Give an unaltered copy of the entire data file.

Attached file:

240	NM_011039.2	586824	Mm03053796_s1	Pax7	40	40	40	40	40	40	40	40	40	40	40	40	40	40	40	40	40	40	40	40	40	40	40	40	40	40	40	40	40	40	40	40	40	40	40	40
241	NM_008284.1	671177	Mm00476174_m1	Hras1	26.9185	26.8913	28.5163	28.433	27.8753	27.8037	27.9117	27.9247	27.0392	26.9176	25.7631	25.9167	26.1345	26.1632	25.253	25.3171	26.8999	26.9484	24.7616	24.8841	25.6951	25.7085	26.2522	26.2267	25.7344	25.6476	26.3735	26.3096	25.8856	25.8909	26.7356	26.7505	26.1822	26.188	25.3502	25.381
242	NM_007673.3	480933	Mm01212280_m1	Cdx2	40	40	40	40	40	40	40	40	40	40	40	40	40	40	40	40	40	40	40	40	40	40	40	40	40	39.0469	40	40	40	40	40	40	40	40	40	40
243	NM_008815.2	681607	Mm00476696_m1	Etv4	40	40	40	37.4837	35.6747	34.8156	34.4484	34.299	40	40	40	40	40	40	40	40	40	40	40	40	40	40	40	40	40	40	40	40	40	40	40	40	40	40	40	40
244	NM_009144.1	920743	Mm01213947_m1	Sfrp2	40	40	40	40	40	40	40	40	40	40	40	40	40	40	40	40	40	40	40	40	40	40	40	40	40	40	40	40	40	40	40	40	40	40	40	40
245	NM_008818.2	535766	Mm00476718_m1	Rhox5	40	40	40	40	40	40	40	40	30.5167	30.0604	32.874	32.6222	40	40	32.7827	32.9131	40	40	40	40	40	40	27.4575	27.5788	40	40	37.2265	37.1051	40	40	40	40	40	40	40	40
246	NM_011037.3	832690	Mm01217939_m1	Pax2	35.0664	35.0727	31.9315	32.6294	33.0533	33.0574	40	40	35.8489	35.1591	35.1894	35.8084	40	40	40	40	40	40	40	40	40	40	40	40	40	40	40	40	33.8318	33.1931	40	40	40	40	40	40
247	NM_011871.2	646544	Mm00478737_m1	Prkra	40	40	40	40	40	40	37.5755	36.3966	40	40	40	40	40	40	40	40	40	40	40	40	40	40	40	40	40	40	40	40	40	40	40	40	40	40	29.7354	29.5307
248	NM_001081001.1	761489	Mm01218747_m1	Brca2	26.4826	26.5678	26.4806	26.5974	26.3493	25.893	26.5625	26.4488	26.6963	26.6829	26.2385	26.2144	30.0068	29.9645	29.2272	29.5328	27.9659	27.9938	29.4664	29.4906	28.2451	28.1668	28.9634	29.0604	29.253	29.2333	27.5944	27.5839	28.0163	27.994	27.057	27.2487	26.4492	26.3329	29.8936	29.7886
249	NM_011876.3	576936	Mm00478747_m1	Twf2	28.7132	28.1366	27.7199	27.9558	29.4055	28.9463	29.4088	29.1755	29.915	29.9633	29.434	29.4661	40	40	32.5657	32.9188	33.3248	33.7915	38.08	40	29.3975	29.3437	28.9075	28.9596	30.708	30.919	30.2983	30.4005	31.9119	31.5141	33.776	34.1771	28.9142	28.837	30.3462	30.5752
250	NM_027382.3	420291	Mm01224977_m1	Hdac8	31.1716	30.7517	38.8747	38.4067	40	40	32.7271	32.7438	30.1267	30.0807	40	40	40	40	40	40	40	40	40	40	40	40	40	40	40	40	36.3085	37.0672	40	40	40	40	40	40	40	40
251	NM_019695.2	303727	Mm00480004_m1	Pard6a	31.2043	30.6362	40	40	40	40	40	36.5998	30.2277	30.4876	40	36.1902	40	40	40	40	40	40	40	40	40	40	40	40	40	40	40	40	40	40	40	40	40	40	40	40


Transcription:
240	NM_011039.2	586824	Mm03053796_s1	Pax7	40	40	40	40	40	40	40	40	40	40	40	40	40	40	40	40	40	40	40	40	40	40	40	40	40	40	40	40	40	40	40	40	40	40	40	40
241	NM_008284.1	671177	Mm00476174_m1	Hras1	26.9185	26.8913	28.5163	28.433	27.8753	27.8037	27.9117	27.9247	27.0392	26.9176	25.7631	25.9167	26.1345	26.1632	25.253	25.3171	26.8999	26.9484	24.7616	24.8841	25.6951	25.7085	26.2522	26.2267	25.7344	25.6476	26.3735	26.3096	25.8856	25.8909	26.7356	26.7505	26.1822	26.188	25.3502	25.381
242	NM_007673.3	480933	Mm01212280_m1	Cdx2	40	40	40	40	40	40	40	40	40	40	40	40	40	40	40	40	40	40	40	40	40	40	40	40	40	39.0469	40	40	40	40	40	40	40	40	40	40
243	NM_008815.2	681607	Mm00476696_m1	Etv4	40	40	40	37.4837	35.6747	34.8156	34.4484	34.299	40	40	40	40	40	40	40	40	40	40	40	40	40	40	40	40	40	40	40	40	40	40	40	40	40	40	40	40
244	NM_009144.1	920743	Mm01213947_m1	Sfrp2	40	40	40	40	40	40	40	40	40	40	40	40	40	40	40	40	40	40	40	40	40	40	40	40	40	40	40	40	40	40	40	40	40	40	40	40
245	NM_008818.2	535766	Mm00476718_m1	Rhox5	40	40	40	40	40	40	40	40	30.5167	30.0604	32.874	32.6222	40	40	32.7827	32.9131	40	40	40	40	40	40	27.4575	27.5788	40	40	37.2265	37.1051	40	40	40	40	40	40	40	40
246	NM_011037.3	832690	Mm01217939_m1	Pax2	35.0664	35.0727	31.9315	32.6294	33.0533	33.0574	40	40	35.8489	35.1591	35.1894	35.8084	40	40	40	40	40	40	40	40	40	40	40	40	40	40	40	40	33.8318	33.1931	40	40	40	40	40	40
247	NM_011871.2	646544	Mm00478737_m1	Prkra	40	40	40	40	40	40	37.5755	36.3966	40	40	40	40	40	40	40	40	40	40	40	40	40	40	40	40	40	40	40	40	40	40	40	40	40	40	29.7354	29.5307
248	NM_001081001.1	761489	Mm01218747_m1	Brca2	26.4826	26.5678	26.4806	26.5974	26.3493	25.893	26.5625	26.4488	26.6963	26.6829	26.2385	26.2144	30.0068	29.9645	29.2272	29.5328	27.9659	27.9938	29.4664	29.4906	28.2451	28.1668	28.9634	29.0604	29.253	29.2333	27.5944	27.5839	28.0163	27.994	27.057	27.2487	26.4492	26.3329	29.8936	29.7886
249	NM_011876.3	576936	Mm00478747_m1	Twf2	28.7132	28.1366	27.7199	27.9558	29.4055	28.9463	29.4088	29.1755	29.915	29.9633	29.434	29.4661	40	40	32.5657	32.9188	33.3248	33.7915	38.08	40	29.3975	29.3437	28.9075	28.9596	30.708	30.919	30.2983	30.4005	31.9119	31.5141	33.776	34.1771	28.9142	28.837	30.3462	30.5752
250	NM_027382.3	420291	Mm01224977_m1	Hdac8	31.1716	30.7517	38.8747	38.4067	40	40	32.7271	32.7438	30.1267	30.0807	40	40	40	40	40	40	40	40	40	40	40	40	40	40	40	40	36.3085	37.0672	40	40	40	40	40	40	40	40
251	NM_019695.2	303727	Mm00480004_m1	Pard6a	31.2043	30.6362	40	40	40	40	40	36.5998	30.2277	30.4876	40	36.1902	40	40	40	40	40	40	40	40	40	40	40	40	40	40	40	40	40	40	40	40	40	40	40	40